The Tanzgruppe Bäckerstrasse is from Vienna, Austria. They have many videos on their Dancilla site, as well as a social network for dancers all over the world. Check them out sometime. They are also on YouTube.

They perform the next čačak, which is slightly more complicated.  My group calls it the Five Figure Čačak because it has five different figures, all in a three-two-one pattern.  Each figure is repeated throughout the dance, and depends on the whim of the person leading. If the leader has good counting skills, and can keep it together, the dance ends on the right foot in figure five. Figure five is similar to figure one with a bit more movement. This group uses a hand hold.

For some reason, they did the dance sequence twice, it seems that there were technical difficulties with either the dance or the camera (the camera glitch is at 2:45).  Maybe it was both.


Godecki Cacak is a border crossing dance.  Some say it's Bulgarian and some say it's Serbian. To me it can be either or both. It has dual citizenship.  There is a Shope region in both Bulgaria and Serbia and that's where the dance is from.  It is hold on to your belt fast, which is why the dancers use a belt hold. 

This čačak is more complicated than the previous dances and doesn't quite follow the 3-2-1 rule. It's one of my favorites and very popular with folk dance groups all over the world. If you're a frequent visitor to this blog you'll recognize the Dunav group from Jerusalem in Israel. 

If you enjoyed this you may also like:

The "Flavors" of Bulgarian Rachenitsa (Part 1 and Part 2)

Two Variations on a Serbian Folk Dance: Stara Vlajna

Balkan Folk Dancing and Its Relationship to Math (or why math and physics people take up folk dancing)

And finally, some trivia.  Čačak is also a city in Serbia, but I'm not sure if the dance was named after it, if anyone out there knows why the city has that name, please let me know in the "comments" section.

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Thursday, June 13, 2013

Crossing the River, Part 4: Celebrating the Opening of a New Bridge Between Bulgaria and Romania

photo from Wikipedia Commons, Danube Bridge 2, taken March 2013

We build too many walls and not enough bridges.
Sir Isaac Newton

Sir Isaac Newton's words certainly ring true, both literally and figuratively, and here at The Alien Diaries building bridges between cultures is one of the main reasons for this blog.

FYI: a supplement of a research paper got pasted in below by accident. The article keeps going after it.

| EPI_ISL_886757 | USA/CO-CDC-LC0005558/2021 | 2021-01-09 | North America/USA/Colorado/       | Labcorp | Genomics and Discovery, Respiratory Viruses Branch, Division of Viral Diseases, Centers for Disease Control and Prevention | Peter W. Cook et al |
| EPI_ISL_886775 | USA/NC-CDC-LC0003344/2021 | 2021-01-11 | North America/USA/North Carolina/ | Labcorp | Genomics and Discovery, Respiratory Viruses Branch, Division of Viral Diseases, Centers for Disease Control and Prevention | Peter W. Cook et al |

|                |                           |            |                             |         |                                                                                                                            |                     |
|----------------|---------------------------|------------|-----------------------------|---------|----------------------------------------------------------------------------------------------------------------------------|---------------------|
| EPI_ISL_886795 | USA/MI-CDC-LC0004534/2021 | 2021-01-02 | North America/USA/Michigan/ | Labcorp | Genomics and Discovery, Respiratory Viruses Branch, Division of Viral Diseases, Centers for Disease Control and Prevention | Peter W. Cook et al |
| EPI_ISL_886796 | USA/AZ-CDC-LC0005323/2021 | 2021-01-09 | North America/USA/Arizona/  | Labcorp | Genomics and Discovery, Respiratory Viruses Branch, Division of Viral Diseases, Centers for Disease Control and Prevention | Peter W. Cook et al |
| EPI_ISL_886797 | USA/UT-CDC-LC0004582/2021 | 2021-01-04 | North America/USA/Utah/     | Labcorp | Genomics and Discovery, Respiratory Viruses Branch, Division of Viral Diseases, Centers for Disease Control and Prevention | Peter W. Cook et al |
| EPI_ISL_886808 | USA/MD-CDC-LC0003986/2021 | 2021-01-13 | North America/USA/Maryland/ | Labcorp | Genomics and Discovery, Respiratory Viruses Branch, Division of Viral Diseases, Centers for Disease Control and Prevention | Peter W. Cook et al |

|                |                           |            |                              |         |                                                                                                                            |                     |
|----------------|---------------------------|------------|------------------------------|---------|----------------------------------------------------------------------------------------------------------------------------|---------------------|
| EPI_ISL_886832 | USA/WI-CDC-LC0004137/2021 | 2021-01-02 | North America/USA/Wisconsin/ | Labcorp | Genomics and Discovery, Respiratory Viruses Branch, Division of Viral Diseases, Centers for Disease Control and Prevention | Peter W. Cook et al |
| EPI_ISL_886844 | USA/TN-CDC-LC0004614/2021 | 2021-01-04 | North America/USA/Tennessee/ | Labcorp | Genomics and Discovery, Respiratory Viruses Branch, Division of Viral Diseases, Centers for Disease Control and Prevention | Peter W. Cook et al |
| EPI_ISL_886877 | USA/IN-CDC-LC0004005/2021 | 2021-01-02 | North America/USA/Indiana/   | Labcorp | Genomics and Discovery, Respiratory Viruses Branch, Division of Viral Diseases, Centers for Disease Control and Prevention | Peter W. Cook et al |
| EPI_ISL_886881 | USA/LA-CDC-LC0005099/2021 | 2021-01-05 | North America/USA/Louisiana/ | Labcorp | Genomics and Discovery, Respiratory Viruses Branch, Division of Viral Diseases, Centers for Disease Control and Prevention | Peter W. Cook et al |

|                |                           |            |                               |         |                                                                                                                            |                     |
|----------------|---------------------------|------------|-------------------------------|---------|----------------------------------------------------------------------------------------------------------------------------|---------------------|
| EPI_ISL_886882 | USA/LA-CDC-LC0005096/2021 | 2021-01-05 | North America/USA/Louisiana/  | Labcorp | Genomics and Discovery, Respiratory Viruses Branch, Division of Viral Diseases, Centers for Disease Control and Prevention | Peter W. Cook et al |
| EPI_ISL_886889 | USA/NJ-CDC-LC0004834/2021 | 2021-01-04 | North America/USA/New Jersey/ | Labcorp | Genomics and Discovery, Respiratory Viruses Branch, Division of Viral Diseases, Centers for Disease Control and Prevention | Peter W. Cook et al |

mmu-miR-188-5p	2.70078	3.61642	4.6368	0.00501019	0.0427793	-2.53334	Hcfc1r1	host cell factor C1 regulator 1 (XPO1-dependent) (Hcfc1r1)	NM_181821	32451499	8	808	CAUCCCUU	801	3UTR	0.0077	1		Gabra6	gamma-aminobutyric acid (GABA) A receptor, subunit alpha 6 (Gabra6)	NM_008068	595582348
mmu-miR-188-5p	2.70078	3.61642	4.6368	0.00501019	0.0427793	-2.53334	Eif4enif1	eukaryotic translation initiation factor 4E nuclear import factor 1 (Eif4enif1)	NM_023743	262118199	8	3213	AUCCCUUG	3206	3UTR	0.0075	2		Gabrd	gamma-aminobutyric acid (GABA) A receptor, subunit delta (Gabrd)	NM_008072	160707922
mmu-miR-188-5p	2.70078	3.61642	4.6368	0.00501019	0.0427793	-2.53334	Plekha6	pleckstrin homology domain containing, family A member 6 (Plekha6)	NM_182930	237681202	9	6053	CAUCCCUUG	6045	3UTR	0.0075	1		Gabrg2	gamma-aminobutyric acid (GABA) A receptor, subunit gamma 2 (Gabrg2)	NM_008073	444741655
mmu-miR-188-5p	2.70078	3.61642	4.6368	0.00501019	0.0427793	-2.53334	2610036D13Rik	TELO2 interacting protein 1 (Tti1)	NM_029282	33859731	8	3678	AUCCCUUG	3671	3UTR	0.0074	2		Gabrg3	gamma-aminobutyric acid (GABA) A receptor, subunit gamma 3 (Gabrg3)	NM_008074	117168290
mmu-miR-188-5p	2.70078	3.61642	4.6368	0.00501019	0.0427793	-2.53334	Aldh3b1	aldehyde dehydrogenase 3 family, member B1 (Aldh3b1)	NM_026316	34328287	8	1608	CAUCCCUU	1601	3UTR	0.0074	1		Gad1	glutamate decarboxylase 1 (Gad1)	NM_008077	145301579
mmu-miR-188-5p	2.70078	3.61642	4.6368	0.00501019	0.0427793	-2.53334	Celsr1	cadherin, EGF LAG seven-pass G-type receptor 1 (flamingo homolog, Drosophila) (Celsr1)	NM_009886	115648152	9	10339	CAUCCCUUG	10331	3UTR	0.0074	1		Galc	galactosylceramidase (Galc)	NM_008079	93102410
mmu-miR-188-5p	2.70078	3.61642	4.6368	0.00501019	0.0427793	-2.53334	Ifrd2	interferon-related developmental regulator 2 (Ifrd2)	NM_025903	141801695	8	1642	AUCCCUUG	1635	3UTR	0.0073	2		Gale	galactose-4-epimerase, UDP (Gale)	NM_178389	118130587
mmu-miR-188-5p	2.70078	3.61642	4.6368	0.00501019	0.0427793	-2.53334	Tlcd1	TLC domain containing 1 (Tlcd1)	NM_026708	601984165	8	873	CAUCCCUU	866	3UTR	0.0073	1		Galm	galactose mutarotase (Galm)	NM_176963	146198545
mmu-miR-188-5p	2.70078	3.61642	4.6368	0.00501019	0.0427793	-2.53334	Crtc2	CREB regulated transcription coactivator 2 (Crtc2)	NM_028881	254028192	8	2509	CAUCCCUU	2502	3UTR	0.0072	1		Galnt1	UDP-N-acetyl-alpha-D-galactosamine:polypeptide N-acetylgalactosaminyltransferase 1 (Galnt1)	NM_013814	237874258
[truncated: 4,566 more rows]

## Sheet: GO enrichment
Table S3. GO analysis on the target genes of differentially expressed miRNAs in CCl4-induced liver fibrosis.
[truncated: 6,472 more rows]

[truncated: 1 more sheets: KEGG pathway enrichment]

I find bridges fascinating because I grew up in New York City, a city linked together by hundreds of bridges. One of my childhood nightmares involved a drawbridge that opened when I was halfway across, and one of my favorite memories was summer nights in one of New York's waterfront parks.  We often stayed late enough to watch the bridge lights come on.

Many years ago I had won tickets to the 100th Anniversary of the opening of the Brooklyn Bridge.  It was a beautiful, festive ceremony that I will never forget.

Today's post celebrates the official opening of Danube Bridge 2, (Bulgarian: Дунав мост 2, Romanian: Podul Vidin-Calafat), connecting the cities of Vidin, Bulgaria, and Calafat, Romania.

You can get information on Danube Bridge 2 from its official website: Click on one the flags to read about it in the language of your choice.

Until Danube Bridge 2 was completed in 2013, there was only one bridge crossing between Romania and Bulgaria; the Giurgiu–Ruse Bridge, completed in 1954. This made things especially difficult for truck drivers and other commercial traffic; they had to deal with long waits at ferry crossings, since one bridge couldn't accommodate them all.

The Giurgiu–Ruse Bridge was also known as the "Friendship Bridge" during socialist days, a term used for propaganda purposes. There couldn't have been too much friendship going on between the two countries.  The dictator, Nicolae Ceausescu of Romania, had his country under lockdown.  The situation in Romania became so bad under his regime that people risked their lives swimming across to Bulgaria to escape oppression.

Since the fall of the Berlin Wall in 1989, things have changed in Eastern Europe for the better. Hopefully.

Because The Alien Diaries is a music and dance blog (among other things), the first video is a dance piece, Sârba de la Calafat. The notes on the video a describe a course for accordion video lessons. (If you're interested click here:)  The accordionist here does an excellent job, he has learned his lessons well.

Unfortunately, there is no dancing in this video, if you want to see some Sârba, click this link. It is a very energetic and lively dance, especially when it's done by people who've had a little too much booze.

This colorful group of costumed dancers performs Vidinsko Horo.  Energetic dances like this are typical of the Severnjasko (northwest) region of Bulgaria.

Diko Iliev, a Bulgarian composer who lived from 1898 to 1984 wrote a very well-known piece which has almost become the second national anthem of Bulgaria.  It's played during celebrations, especially at the start of the New Year.  This is Iliev's Dunavsko Horo, which was most likely written while the composer lived in Oryahovo.  If you look closely you can see a photo of Iliev at center stage.

And now we come to the water underneath that bridge.  The composer of this waltz (yes, they play waltzes in the Balkans!) was of Serbian origin and he made his home in Romania.  His name was Ion Iosef Ivanovici, and he was a bandmaster in the Romanian army who composed music in his spare time. He was quite prolific, having written over 350 dance pieces.

His compositions was quite popular at the end of the 19th century, but unfortunately he was pretty much forgotten after his death in 1902.

According to the article here, Ivanovici was influenced not only by the music of the Austro-Hungarian empire (they and the Ottomans held sway over this part of the world in the late 19th century), but also by Romanian traditional music. He wrote several hora pieces, hora being the national dance of Romania.